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Clarett Sues NFL Over Draft

Ohio State running back, suspended for the season, challenges the three-year rule that makes him ineligible for next year's draft. League vows a fight.

September 24, 2003|Sam Farmer | Times Staff Writer

Suspended Ohio State running back Maurice Clarett filed suit against the NFL on Tuesday, the morning after his mother and lawyer met with league executives to discuss the player's desire to be eligible for next spring's draft.

Clarett, 19, wants the league to relax its rule that stipulates a player must be out of high school at least three years before he is eligible to be drafted. Clarett is less than two years removed from high school and, as it stands, cannot be selected until 2005.

The lawsuit, filed in federal court in New York, claims that it is "almost certain" Clarett would have been selected in the beginning of the first round in 2003 had he been eligible and would have received a contract and bonuses worth millions of dollars. The suit also says the three-year rule violates antitrust law and harms competition by excluding players who have yet to meet that threshold.

Clarett rushed for 1,237 yards as a freshman last season and helped the Buckeyes to a national championship. He was suspended for the season by the school two weeks ago for receiving improper benefits and allegedly lying to investigators about the value of items stolen from a car lent to him.

The suit also states the rule is in place because the league is unwilling to jeopardize its relationship with college football, which "serves as an efficient and free farm system for the NFL."

NFL Commissioner Paul Tagliabue put the three-year rule in place in 1990, shortly after he took the job. He has said the league has solid legal footing when it comes to the rule and is prepared to defend it.

Representing the NFL in Monday's meeting in Washington with Clarett's mother and lawyer, Alan C. Milstein, were Jeff Pash, the league's top lawyer, and Harold Henderson, chairman of the league's management council.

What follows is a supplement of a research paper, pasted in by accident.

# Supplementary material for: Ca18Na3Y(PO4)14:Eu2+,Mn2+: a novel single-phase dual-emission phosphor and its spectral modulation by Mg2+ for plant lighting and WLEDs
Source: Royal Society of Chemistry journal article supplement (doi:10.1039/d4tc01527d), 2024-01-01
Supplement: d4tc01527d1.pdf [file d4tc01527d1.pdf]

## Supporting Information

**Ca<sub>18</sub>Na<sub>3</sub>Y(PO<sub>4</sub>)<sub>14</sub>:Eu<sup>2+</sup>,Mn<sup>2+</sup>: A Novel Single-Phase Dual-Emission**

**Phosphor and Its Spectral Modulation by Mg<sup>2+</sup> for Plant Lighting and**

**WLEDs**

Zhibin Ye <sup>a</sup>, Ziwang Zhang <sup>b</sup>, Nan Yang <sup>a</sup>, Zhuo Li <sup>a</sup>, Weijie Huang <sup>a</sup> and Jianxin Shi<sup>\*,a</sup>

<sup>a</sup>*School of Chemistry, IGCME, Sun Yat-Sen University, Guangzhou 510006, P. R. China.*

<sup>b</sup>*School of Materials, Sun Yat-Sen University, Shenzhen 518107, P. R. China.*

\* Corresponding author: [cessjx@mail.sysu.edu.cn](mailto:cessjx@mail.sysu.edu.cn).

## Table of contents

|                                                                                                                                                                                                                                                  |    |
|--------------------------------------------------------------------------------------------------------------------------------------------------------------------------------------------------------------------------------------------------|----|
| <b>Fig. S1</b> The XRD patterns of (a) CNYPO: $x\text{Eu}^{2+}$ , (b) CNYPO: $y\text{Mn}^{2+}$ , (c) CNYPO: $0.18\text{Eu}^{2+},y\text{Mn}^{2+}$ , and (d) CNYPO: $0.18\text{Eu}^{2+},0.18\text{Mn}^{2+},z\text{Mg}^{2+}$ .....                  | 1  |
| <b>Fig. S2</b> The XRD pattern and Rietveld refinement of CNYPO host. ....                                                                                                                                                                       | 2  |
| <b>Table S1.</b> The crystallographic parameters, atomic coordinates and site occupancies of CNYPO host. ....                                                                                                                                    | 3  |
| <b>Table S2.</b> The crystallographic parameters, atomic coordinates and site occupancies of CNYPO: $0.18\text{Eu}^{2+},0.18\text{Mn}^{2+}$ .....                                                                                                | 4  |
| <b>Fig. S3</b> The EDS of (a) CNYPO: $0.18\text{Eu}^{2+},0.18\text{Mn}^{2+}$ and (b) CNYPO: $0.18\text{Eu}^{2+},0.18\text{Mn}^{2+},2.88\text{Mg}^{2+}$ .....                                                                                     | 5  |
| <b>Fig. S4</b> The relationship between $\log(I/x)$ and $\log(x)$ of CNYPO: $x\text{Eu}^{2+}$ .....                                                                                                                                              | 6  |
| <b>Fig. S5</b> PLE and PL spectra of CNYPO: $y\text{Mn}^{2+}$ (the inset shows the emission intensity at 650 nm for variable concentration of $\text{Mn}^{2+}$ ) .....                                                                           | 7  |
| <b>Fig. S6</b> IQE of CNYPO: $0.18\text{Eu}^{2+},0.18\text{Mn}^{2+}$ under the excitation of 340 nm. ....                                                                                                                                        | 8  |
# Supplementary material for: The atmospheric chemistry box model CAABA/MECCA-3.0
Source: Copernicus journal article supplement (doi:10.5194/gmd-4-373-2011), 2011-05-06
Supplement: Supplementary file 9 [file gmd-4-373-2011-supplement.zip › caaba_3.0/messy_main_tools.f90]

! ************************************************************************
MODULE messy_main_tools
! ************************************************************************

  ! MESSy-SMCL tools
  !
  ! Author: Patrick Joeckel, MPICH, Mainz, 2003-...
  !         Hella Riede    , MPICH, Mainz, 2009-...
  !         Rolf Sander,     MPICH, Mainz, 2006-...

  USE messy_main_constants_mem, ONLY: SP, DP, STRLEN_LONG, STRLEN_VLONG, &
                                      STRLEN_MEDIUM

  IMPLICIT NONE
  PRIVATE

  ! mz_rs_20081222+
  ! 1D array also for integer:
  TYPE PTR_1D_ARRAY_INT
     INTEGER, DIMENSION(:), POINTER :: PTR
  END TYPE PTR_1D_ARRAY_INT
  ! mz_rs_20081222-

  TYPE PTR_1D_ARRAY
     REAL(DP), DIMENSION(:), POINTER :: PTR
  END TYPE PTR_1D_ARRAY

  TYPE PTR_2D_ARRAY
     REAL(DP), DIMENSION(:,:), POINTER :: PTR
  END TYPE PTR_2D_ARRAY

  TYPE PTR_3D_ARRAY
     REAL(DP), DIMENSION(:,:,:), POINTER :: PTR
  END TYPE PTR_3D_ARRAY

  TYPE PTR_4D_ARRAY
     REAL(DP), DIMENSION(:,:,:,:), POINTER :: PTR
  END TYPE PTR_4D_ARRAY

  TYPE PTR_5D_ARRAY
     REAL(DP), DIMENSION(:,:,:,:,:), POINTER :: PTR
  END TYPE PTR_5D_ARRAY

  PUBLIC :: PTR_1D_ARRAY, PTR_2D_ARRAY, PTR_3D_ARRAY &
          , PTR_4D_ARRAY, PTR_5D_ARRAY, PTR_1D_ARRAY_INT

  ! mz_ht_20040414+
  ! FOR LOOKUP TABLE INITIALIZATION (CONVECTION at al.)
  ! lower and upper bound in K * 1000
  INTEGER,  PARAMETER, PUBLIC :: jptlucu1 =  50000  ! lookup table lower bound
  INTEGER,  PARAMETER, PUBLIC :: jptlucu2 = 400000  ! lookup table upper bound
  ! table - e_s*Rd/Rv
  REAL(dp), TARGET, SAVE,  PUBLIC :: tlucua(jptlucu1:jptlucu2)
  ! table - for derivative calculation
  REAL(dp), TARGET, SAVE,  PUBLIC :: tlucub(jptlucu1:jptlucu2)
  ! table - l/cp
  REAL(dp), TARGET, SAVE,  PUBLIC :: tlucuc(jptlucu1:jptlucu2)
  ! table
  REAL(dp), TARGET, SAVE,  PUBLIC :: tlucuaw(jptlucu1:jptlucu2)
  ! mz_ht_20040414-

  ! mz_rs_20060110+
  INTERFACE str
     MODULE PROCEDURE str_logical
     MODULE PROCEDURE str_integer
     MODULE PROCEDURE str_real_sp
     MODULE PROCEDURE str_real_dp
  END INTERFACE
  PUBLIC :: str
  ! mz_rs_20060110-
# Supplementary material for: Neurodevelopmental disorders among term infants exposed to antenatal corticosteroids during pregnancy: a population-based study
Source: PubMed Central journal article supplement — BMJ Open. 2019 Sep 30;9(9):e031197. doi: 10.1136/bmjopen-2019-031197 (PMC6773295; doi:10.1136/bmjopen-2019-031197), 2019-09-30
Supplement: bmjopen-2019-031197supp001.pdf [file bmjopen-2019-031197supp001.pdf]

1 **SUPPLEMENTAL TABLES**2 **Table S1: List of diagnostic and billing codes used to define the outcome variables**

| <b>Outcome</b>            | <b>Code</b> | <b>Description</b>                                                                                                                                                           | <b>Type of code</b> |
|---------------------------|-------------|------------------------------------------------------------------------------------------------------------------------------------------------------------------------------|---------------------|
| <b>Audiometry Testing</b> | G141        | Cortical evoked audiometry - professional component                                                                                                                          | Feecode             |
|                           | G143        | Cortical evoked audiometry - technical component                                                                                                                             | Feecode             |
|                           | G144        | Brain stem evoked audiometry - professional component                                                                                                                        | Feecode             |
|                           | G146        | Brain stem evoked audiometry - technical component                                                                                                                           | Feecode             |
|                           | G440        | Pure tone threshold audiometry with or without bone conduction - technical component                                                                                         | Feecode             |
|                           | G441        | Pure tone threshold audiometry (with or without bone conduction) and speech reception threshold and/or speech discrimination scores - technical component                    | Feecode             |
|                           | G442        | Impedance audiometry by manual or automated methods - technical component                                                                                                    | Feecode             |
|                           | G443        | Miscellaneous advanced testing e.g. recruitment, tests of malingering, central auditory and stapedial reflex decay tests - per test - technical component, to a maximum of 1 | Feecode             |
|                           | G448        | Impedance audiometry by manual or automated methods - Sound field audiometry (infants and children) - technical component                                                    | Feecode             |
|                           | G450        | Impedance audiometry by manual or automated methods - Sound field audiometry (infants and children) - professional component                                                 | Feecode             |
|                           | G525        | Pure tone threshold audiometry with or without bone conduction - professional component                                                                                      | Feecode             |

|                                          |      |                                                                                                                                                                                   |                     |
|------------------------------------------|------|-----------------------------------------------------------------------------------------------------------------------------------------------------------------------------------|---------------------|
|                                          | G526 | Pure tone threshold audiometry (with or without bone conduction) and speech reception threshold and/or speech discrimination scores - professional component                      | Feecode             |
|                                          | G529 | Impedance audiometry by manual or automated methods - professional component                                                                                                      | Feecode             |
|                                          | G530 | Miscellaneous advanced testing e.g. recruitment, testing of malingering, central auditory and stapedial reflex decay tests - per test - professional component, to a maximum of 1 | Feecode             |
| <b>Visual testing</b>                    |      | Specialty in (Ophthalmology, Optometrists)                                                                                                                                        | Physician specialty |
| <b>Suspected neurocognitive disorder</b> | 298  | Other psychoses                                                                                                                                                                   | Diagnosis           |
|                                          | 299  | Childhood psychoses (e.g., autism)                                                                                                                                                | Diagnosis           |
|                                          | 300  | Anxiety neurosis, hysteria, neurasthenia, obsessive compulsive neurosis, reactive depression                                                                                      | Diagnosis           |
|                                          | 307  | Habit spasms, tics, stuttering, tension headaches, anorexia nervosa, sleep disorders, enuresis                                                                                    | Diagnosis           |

"We expected to have an opportunity to respond after [Monday] night's meeting and are disappointed that we were not permitted to do so," NFL spokesman Greg Aiello said in a statement. "We do not believe that this lawsuit serves the best interest of Maurice Clarett or college football players generally, but we look forward to explaining to the court both the very sound reasons underlying our eligibility rule and the legal impediments to the claim that was filed."

Gene Upshaw, executive director of the NFL Players Assn., said last week he believed Clarett should stay in school and would support the league's three-year rule. The union released a statement Monday saying it would take no position on the case, referring to a term of the Collective Bargaining Agreement that says the NFLPA "will not sue or support any suit against the terms of the college draft that are included in the NFL Constitution and Bylaws."

Clarett's lawsuit argues the three-year rule is not enforceable, because it is not mentioned anywhere in the 292-page agreement between the league and union. The lawsuit asks the judge to toss out the rule and make Clarett eligible for the 2004 draft, or require the NFL to hold a special supplemental draft sooner.

Gary Roberts, a Tulane University law professor and antitrust specialist, said that argument is faulty. He pointed to landmark legal decisions in 1989 and 1996 that said anything that qualifies as a term and condition of employment, such as the three-year rule, cannot be challenged by an individual under antitrust law -- even if those terms and conditions are not put in writing.

Roberts said he believed Clarett would lose his lawsuit and said he wouldn't be surprised if a judge threw out the case in a preliminary hearing. But he didn't rule out a victory for Clarett.

"I recognize that there's no legal rule out there that a judge can't get around somehow if he wants to do it bad enough," Roberts said. "The judge is going to have to want to do that very badly."

Even if Clarett were to succeed in getting the rule changed, player agent Leigh Steinberg said, the physical demands of pro football would make a flood of young players highly unlikely.

"This isn't an Oklahoma land rush the way basketball is," Steinberg said. "Those purveyors of doom and gloom who worry about large numbers of players declaring prematurely, failing in pro ball, and going through life without a college degree, might want to focus on the low graduation rate of players spending a full four or five years in collegiate football programs."

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